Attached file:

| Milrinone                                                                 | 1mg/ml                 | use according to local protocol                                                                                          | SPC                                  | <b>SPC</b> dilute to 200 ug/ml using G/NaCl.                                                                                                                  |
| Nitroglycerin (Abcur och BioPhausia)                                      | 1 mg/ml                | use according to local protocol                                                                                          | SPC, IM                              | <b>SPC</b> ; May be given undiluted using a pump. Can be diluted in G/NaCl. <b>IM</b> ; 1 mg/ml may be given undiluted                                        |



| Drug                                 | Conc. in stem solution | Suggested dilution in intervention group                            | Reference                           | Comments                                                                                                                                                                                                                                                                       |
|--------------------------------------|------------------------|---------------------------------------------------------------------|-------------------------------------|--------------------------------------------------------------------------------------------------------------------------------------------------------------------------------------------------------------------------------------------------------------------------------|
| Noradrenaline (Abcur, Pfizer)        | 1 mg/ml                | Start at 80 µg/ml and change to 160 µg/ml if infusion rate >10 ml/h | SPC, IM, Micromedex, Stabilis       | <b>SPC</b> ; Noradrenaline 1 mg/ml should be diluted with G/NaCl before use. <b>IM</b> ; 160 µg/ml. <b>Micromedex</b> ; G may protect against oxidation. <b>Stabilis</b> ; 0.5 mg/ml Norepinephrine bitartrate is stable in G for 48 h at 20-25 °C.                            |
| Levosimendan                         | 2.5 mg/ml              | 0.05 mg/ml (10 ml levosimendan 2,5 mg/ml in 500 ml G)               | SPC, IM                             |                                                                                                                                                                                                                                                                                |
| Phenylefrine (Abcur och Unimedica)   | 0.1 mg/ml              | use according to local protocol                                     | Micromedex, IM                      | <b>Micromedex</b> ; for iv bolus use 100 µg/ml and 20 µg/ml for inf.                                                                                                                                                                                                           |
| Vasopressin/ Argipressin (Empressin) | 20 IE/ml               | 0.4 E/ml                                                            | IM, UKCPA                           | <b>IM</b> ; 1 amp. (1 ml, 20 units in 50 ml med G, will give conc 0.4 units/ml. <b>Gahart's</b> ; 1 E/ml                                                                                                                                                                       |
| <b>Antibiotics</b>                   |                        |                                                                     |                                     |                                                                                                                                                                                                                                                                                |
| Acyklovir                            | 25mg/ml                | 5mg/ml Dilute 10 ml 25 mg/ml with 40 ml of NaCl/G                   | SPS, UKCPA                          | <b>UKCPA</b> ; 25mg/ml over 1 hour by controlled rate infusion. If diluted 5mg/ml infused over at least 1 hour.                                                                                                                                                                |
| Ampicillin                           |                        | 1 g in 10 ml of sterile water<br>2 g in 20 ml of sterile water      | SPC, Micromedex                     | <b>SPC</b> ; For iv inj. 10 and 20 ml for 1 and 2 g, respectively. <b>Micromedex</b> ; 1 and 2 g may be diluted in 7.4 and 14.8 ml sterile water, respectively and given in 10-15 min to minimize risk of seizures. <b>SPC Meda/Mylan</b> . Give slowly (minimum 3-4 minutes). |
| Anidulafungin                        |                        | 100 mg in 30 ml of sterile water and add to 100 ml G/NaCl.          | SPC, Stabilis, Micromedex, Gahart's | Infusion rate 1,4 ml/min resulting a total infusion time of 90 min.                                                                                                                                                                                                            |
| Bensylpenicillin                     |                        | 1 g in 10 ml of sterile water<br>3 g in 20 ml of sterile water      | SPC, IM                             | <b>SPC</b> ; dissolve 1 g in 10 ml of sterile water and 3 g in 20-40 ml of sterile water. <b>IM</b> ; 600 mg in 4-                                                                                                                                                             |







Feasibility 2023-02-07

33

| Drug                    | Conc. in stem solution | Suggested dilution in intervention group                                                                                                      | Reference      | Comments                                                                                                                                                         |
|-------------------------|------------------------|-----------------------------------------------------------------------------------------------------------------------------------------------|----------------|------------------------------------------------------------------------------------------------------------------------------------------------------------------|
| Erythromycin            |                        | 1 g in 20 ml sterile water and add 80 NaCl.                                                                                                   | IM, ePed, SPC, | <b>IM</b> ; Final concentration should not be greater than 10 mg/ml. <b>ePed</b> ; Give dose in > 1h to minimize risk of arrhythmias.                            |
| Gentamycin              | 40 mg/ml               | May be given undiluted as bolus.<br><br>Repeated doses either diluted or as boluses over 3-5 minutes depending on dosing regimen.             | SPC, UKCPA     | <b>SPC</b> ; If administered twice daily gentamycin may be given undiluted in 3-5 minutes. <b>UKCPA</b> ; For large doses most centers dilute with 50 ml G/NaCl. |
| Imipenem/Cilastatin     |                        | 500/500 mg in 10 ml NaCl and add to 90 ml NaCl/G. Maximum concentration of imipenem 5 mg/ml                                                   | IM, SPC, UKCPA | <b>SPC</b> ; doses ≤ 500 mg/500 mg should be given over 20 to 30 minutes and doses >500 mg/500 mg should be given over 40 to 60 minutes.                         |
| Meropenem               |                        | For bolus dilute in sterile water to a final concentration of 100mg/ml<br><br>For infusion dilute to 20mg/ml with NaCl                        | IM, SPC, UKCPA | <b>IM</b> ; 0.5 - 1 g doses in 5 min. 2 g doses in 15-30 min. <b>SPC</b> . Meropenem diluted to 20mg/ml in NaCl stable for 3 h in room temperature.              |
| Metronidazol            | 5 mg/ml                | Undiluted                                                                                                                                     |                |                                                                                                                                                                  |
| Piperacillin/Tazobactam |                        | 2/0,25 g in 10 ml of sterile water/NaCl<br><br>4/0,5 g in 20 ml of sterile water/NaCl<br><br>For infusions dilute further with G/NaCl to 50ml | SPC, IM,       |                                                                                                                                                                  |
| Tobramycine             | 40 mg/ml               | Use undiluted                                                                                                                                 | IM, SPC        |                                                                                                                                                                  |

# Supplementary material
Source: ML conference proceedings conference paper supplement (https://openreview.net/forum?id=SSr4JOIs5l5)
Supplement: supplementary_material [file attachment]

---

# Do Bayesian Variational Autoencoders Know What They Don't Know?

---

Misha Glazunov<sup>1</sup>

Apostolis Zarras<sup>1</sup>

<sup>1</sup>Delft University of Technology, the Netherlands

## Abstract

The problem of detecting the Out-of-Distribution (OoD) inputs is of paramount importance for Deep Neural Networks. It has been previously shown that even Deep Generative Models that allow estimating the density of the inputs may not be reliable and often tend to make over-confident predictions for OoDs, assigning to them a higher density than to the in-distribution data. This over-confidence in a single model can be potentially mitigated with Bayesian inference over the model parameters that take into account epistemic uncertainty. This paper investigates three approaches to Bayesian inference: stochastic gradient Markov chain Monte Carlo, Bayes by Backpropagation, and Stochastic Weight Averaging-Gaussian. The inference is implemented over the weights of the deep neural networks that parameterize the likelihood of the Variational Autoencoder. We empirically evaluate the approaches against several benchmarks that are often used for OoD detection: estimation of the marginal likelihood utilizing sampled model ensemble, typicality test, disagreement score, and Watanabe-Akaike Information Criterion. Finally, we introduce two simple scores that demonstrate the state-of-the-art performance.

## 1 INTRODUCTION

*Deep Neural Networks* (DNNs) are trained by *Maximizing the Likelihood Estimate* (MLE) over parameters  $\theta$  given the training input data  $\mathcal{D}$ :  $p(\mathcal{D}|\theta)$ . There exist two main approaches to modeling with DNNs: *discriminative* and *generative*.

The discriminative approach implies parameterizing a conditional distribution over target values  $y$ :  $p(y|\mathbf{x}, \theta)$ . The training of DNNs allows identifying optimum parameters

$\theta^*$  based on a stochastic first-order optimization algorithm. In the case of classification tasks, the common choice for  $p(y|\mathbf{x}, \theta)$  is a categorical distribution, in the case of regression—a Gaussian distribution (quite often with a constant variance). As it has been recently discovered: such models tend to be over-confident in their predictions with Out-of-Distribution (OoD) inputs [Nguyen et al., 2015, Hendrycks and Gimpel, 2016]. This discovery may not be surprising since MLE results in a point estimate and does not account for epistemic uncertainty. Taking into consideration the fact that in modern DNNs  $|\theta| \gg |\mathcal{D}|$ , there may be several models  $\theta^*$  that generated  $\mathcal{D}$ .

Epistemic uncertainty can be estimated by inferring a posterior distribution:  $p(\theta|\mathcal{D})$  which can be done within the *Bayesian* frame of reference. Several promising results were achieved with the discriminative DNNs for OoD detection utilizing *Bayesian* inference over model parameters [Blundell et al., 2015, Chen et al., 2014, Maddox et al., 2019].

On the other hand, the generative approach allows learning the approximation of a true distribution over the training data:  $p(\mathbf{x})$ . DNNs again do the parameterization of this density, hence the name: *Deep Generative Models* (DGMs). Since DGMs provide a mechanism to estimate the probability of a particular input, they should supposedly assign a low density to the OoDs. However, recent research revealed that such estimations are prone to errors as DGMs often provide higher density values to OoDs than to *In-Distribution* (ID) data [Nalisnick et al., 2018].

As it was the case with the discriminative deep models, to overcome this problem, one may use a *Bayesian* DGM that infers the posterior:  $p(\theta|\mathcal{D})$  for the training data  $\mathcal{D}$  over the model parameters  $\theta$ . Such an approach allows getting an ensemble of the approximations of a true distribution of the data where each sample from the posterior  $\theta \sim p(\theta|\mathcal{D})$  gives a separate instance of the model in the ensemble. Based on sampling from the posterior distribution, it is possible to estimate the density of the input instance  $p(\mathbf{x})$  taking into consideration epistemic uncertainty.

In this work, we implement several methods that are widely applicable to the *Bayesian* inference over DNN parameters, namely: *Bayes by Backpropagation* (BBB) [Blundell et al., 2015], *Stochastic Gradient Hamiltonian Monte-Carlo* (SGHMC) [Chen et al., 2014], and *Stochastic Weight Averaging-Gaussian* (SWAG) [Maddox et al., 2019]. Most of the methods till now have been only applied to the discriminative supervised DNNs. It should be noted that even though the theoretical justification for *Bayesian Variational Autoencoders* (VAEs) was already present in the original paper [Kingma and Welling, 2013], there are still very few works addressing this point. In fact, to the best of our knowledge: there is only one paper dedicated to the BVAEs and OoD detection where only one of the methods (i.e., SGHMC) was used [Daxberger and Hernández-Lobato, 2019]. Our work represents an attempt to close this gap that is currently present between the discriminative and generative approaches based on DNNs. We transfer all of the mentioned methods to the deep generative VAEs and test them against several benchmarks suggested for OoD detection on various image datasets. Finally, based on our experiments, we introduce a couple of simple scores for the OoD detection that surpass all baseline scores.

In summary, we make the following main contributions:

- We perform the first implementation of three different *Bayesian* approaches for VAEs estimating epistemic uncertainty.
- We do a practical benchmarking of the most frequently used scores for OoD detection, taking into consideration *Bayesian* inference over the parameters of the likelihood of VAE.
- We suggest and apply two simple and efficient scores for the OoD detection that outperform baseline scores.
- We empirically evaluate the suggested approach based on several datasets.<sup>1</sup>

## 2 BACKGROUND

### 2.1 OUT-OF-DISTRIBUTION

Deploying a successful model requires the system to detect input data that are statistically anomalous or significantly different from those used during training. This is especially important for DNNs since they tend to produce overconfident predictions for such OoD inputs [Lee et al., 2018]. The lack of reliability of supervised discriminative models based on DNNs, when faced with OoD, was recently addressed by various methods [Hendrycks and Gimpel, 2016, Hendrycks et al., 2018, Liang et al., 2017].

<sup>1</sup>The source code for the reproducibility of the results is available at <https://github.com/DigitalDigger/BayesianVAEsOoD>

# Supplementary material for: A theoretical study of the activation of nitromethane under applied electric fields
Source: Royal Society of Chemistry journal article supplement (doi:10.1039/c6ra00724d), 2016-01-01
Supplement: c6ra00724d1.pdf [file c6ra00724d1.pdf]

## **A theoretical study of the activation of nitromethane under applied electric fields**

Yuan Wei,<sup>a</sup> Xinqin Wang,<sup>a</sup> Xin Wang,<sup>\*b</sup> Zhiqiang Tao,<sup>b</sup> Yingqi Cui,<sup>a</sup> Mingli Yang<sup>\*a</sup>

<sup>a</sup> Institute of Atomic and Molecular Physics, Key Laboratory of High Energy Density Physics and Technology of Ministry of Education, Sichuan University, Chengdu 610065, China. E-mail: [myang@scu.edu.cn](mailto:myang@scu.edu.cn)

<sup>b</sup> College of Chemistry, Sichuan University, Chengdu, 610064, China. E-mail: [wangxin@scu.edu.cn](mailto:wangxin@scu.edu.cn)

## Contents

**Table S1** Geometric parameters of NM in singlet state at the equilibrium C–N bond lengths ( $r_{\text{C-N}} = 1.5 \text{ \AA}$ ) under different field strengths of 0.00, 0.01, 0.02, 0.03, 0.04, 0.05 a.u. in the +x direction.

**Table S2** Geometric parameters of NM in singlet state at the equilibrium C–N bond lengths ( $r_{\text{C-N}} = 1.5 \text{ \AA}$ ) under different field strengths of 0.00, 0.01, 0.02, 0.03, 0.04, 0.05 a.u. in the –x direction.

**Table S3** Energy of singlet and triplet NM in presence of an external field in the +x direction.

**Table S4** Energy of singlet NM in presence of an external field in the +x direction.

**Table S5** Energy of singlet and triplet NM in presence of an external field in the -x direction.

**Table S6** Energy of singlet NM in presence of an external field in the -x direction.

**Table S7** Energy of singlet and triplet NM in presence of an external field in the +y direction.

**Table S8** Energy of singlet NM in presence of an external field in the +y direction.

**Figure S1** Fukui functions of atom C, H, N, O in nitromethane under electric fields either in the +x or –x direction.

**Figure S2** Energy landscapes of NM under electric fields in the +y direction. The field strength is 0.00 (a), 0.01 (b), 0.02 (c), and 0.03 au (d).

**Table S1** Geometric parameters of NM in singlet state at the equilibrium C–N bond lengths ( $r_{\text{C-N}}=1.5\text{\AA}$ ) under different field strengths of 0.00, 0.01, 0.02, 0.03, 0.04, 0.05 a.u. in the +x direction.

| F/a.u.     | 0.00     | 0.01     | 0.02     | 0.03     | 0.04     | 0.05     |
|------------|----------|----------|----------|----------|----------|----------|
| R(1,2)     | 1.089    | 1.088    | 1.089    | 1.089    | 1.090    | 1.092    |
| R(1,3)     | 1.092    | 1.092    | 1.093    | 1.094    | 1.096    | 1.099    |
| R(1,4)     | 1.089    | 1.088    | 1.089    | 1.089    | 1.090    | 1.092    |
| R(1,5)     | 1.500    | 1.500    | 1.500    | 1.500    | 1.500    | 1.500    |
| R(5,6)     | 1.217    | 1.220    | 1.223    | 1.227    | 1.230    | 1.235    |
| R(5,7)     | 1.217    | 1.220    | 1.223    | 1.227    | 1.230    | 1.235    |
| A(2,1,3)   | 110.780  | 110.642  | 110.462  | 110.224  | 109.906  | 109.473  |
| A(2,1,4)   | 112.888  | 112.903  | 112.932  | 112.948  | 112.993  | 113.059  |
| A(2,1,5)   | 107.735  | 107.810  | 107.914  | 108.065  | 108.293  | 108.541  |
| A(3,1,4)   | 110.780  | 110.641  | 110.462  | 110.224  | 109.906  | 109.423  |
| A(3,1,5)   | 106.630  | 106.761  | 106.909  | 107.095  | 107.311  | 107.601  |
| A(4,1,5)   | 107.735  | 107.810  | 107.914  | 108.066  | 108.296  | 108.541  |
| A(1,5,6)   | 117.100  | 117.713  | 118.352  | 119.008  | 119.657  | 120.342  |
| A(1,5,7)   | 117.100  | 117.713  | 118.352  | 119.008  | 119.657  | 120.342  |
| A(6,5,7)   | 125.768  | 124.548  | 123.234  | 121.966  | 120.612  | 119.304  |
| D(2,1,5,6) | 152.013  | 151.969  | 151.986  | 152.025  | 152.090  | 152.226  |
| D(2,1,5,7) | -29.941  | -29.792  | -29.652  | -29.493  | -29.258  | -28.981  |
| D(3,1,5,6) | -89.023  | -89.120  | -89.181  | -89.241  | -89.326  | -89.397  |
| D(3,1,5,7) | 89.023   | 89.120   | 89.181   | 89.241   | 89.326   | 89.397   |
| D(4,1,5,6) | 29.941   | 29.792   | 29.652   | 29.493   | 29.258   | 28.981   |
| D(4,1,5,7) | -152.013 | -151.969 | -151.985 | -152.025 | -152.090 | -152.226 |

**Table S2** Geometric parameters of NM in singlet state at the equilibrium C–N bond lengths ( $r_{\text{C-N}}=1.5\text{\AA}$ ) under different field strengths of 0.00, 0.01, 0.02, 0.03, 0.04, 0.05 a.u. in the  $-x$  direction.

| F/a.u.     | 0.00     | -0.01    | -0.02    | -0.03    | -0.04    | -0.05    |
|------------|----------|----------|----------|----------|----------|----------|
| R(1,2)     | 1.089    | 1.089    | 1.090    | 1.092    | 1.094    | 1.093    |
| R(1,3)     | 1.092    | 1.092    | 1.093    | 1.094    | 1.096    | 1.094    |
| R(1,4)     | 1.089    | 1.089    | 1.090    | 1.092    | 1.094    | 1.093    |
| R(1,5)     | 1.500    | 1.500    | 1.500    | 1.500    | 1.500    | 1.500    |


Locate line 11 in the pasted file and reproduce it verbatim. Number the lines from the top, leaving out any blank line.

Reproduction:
| Ampicillin                           |                        | 1 g in 10 ml of sterile water<br>2 g in 20 ml of sterile water      | SPC, Micromedex                     | <b>SPC</b> ; For iv inj. 10 and 20 ml for 1 and 2 g, respectively. <b>Micromedex</b> ; 1 and 2 g may be diluted in 7.4 and 14.8 ml sterile water, respectively and given in 10-15 min to minimize risk of seizures. <b>SPC Meda/Mylan</b> . Give slowly (minimum 3-4 minutes). |